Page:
Who are the chairs of Australia’s top public companies?
Board of Directors

Who are the chairs of Australia’s top public companies?

A closer look at the chairs of ASX 50 public companies

Over the past few years, Australian businesses have had to manage both the impacts of relentless global crises including COVID-19 and the war in Ukraine as well as challenges closer to home including changes in political governance and a rising cost of living. The effects of these disruptions on business have been swift: for example, due to the pandemic, remote work has gained significant ground and companies’ ability to attract talent is tied more than ever to how they approach sustainability, flexibility, inclusion, and employee wellbeing. As in many countries around the world, a new license to operate is taking hold for Australian businesses, in part due to the increased societal expectation that business leaders should step in and help solve problems that governments cannot tackle alone. 

Boards and chairs must be ready to guide their companies in meeting these new expectations through what is likely to be a volatile future. In many conversations with chairs around the world, these leaders have emphasized that they want to be connected to external events as much as internal processes, keep up with macro trends, be able to listen to what their stakeholders are telling them, and thoroughly understand and be able to evaluate new threats and opportunities.  

In that context, this article examines the backgrounds of the chairs of ASX 50 companies. We found a rather traditional profile: most are men with CEO backgrounds and previous chair experience. (This is similar to Fortune 50 companies, at which 92% of chairs are men and 80% have CEO experience.1) Chairs with this type of experience bring deep expertise to the table. But, as new considerations take hold, we believe that boards will benefit from broadening their horizons as part of rethinking their succession planning approach; this will help boards prepare for multiple scenarios and time horizons. 

For the full data, download the PDF. 

How to enhance ASX 50 chair succession planning to meet the future

  1. Frequently review and update the desired profile of the next chair. Boards should determine the proper mix of more traditional executive experience and newer areas of experience needed for the next phase of their company and be clear about must-haves and options necessary for different future scenarios. In addition, we believe that as boards are expected to meet a more complex set of expectations, they will need to pay equal attention to both hard experience and the softer side of potential chairs’ leadership capabilities, such as curiosity or agility, to ensure boards are inclusive and effective. In our experience, too many boards still, in the end, make their choice of chair based on yesterday’s criteria.2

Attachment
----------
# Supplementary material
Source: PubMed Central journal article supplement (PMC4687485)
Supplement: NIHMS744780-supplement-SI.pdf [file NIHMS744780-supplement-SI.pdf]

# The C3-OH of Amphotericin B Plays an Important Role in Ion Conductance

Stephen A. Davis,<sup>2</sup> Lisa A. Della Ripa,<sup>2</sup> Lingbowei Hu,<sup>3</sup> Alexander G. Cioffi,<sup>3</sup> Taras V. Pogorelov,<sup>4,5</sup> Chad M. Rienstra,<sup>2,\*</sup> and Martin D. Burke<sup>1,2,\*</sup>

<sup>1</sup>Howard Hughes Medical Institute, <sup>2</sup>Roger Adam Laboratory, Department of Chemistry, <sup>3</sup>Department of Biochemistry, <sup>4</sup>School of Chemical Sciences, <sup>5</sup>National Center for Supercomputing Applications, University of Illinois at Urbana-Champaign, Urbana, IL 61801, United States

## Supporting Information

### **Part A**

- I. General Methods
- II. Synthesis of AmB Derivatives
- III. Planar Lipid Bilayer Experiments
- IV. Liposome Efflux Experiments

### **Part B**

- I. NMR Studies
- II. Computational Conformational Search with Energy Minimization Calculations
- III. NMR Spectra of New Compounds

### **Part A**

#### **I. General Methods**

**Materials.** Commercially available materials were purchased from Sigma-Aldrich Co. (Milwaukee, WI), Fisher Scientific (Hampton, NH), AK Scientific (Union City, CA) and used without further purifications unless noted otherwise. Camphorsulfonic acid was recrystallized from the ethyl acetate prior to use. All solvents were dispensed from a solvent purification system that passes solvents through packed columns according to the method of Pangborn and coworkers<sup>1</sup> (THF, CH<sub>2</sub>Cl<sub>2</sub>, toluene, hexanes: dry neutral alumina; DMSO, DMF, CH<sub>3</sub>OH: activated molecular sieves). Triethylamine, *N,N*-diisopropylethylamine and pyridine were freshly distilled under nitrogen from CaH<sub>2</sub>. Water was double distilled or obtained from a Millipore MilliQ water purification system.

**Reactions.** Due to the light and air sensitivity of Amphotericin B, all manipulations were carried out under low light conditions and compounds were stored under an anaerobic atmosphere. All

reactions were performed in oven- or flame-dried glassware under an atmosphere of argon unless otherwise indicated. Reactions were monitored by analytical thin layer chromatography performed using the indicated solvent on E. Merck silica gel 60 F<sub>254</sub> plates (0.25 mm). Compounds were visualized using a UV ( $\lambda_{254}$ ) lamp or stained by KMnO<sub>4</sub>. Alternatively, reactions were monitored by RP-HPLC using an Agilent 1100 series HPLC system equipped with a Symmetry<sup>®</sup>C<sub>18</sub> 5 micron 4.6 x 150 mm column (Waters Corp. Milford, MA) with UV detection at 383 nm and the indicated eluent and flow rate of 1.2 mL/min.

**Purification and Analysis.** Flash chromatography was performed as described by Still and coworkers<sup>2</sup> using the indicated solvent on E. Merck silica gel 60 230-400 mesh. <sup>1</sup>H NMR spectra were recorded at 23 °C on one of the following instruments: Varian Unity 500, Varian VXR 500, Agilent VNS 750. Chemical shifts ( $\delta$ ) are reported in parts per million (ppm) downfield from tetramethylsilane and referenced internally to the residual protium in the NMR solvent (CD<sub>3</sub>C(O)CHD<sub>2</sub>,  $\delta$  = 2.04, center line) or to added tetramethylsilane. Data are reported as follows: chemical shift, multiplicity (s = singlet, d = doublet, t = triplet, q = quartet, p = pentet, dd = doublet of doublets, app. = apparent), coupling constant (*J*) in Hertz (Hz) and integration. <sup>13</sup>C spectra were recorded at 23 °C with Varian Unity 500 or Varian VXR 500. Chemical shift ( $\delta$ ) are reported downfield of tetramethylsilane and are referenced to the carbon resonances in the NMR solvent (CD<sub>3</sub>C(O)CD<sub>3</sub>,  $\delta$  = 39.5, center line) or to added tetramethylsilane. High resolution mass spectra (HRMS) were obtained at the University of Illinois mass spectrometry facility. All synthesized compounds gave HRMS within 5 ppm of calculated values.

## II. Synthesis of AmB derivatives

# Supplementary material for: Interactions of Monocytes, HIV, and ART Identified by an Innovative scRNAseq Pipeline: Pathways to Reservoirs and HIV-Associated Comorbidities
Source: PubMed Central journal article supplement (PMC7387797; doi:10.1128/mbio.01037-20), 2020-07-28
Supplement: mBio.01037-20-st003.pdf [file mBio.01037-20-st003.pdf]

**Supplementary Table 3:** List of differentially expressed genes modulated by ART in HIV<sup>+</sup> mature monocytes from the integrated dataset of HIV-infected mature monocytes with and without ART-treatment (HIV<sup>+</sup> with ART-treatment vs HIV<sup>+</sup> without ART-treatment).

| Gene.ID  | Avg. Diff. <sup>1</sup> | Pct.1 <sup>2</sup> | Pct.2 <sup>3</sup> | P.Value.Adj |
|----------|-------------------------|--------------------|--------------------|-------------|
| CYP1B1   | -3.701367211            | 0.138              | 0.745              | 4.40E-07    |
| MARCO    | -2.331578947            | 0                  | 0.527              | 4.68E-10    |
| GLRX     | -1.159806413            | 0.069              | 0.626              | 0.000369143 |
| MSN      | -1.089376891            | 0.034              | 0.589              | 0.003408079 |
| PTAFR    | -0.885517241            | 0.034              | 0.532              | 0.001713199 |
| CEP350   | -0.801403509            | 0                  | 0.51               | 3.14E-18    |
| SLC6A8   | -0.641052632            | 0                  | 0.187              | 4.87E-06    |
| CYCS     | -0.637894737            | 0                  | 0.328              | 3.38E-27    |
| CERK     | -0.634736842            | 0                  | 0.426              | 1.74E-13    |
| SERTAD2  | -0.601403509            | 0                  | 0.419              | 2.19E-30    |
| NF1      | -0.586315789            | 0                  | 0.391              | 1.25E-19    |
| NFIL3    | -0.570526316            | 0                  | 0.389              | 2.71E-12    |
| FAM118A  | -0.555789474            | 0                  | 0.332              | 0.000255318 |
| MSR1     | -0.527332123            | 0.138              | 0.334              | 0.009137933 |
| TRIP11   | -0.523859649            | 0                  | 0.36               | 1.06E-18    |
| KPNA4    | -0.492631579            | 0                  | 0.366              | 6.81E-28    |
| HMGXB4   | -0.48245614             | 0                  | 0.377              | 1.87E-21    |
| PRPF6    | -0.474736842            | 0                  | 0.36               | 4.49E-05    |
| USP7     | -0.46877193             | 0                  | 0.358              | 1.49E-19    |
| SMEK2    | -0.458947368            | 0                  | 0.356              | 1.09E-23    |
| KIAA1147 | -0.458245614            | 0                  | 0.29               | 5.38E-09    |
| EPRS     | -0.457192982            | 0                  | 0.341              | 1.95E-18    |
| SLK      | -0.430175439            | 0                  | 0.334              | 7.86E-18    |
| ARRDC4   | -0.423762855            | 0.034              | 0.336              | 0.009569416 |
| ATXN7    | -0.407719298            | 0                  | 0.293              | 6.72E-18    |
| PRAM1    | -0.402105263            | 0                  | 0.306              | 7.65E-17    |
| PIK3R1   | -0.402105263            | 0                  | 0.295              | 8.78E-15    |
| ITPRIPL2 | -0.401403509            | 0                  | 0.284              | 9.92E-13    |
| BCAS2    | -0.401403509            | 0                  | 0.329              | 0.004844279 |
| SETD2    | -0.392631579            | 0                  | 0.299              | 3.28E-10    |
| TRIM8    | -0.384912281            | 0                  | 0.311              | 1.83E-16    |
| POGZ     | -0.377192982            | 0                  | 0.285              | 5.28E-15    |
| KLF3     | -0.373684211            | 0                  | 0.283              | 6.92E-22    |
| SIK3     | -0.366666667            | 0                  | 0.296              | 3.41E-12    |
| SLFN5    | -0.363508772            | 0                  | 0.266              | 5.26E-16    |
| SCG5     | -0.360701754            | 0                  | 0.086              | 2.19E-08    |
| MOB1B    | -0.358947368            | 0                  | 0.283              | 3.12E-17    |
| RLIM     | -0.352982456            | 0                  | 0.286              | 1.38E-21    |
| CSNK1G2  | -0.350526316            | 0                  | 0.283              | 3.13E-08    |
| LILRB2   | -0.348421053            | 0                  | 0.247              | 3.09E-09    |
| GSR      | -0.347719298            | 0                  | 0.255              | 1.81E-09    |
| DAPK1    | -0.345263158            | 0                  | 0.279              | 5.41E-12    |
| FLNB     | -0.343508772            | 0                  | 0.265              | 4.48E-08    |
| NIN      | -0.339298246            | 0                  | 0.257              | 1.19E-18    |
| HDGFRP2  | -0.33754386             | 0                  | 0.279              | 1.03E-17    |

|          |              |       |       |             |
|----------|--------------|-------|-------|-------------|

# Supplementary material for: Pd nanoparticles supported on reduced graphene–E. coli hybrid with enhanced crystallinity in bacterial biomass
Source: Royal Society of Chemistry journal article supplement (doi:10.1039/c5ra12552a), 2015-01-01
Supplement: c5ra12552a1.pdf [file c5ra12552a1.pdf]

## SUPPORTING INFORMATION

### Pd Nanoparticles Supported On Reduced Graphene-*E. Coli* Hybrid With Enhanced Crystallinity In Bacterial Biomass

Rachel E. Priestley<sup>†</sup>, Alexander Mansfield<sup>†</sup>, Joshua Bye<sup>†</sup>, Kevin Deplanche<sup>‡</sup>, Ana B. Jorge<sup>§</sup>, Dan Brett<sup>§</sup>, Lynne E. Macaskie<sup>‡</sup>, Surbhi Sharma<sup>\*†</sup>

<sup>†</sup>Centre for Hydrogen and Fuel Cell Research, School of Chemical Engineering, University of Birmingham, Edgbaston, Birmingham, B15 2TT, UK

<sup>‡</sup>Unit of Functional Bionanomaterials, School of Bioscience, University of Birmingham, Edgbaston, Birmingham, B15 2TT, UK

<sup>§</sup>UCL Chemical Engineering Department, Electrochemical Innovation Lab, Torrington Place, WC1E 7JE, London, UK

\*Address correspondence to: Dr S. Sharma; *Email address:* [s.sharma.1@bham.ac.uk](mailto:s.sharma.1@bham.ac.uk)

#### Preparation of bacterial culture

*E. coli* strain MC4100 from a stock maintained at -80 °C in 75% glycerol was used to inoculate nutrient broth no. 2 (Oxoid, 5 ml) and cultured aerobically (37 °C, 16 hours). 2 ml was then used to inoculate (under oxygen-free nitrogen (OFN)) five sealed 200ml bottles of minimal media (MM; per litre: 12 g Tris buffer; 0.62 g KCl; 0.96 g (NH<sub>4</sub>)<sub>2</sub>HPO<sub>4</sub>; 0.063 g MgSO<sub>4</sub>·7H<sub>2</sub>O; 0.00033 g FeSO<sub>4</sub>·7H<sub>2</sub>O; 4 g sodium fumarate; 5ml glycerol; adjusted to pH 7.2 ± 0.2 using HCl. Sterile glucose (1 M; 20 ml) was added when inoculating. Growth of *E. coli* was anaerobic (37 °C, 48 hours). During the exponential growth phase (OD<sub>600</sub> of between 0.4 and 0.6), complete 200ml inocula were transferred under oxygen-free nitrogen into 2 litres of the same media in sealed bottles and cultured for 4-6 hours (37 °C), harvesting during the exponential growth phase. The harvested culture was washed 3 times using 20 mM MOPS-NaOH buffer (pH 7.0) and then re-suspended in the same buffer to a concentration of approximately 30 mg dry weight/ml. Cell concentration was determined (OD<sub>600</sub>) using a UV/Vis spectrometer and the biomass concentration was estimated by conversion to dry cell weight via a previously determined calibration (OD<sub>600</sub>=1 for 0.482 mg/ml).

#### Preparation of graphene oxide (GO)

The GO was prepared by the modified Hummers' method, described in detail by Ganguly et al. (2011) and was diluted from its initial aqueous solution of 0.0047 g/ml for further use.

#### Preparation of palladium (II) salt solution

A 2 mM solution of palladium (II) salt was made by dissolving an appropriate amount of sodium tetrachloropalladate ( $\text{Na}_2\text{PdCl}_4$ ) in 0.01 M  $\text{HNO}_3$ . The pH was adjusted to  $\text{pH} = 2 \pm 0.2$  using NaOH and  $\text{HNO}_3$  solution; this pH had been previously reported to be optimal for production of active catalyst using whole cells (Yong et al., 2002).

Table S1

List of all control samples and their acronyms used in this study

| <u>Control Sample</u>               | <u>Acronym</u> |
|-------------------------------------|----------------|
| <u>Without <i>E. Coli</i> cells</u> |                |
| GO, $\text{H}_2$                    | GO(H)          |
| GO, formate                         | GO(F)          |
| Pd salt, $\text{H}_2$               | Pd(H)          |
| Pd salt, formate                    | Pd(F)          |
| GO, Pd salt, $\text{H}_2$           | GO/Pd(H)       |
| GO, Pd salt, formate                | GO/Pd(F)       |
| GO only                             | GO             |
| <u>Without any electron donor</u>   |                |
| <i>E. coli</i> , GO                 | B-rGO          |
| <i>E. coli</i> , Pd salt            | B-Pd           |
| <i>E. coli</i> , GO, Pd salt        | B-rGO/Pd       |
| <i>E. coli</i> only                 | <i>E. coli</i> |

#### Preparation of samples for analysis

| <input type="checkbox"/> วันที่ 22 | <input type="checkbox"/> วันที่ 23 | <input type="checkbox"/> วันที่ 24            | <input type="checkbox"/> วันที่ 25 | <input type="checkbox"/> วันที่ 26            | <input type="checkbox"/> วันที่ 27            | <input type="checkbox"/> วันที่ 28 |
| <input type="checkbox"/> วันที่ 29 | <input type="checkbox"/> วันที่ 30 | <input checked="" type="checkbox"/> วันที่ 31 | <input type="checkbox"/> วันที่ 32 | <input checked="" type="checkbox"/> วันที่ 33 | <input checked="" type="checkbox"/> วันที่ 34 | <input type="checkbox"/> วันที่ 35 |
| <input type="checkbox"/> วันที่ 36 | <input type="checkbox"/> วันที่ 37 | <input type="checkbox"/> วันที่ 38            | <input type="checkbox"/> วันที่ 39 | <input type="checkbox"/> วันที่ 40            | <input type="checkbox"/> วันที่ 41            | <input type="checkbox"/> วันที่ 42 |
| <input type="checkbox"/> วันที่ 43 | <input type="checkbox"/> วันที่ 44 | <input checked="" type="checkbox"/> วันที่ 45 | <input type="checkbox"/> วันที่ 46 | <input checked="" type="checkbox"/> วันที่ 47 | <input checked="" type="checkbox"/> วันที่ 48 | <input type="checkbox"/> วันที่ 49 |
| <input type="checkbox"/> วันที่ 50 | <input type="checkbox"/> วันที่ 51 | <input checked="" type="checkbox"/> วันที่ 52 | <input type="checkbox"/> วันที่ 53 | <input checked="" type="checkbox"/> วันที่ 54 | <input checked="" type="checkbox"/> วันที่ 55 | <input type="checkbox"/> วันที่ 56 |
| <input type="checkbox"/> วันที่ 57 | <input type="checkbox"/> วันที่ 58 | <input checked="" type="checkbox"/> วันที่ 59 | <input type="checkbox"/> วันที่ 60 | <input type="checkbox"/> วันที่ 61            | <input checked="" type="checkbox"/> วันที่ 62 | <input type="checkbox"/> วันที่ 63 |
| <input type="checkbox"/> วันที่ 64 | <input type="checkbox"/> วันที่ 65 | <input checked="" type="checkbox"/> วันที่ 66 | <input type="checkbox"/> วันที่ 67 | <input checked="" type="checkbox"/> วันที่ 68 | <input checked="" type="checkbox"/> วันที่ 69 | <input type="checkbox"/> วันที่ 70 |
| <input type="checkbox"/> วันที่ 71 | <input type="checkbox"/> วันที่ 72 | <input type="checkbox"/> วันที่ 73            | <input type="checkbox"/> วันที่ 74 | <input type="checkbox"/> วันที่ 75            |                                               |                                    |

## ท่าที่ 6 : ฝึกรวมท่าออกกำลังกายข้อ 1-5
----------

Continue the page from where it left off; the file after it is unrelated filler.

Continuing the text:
2. Broaden the criteria. Keeping in mind the skills and experiences of which their company is most in need, boards should otherwise open their criteria to a wider pool of candidate backgrounds and experiences. Women less often have previous chair, board, or CEO experience, for example, but many companies will likely already have a number of directors on their boards with these backgrounds; therefore, it may be that bringing in a chair without that experience will still lead to the board members having complementary skill sets.
  3. Expand the search to less traditional sources. Many companies are still hiring chairs through networking and familiarity, but those willing to consider candidates including, for example, chairs from other industries, will enrich their options considerably.
  4. Ensure an inclusive board culture. The role of the chair will be more appealing to a wider range of candidates if the candidates feel they will be able to sustain a safe space in which everyone can contribute and engage in robust debate and problem-solving. Board chairs can begin to ensure an inclusive board culture by understanding its current culture and setting up regular board effectiveness reviews to assess and help maintain a thriving board culture.

However, as the business license to operate keeps changing along with new demands and considerations for boards, we believe that in order to be fit for the future, boards will derive value from rethinking their succession planning approach to reflect multiple scenarios and time horizons. When it comes to chairs, that means a larger, more diverse pool of candidates who can step in when their leadership skills make them the right fit for the role.

About the author

Guy Farrow (gfarrow@heidrick.com) is a partner in Heidrick & Struggles’ Sydney and Melbourne offices and regional managing partner of the CEO & Board of Directors Practice in Asia Pacific and the Middle East.


1Alice Breeden and Bonnie Gwin, “A look at leading board chairs today,” Heidrick & Struggles, heidrick.com. 
2Alice Breeden and Bonnie Gwin, “The chair imperative: A new mandate for leading in a new world,” Heidrick & Struggles, heidrick.com. 


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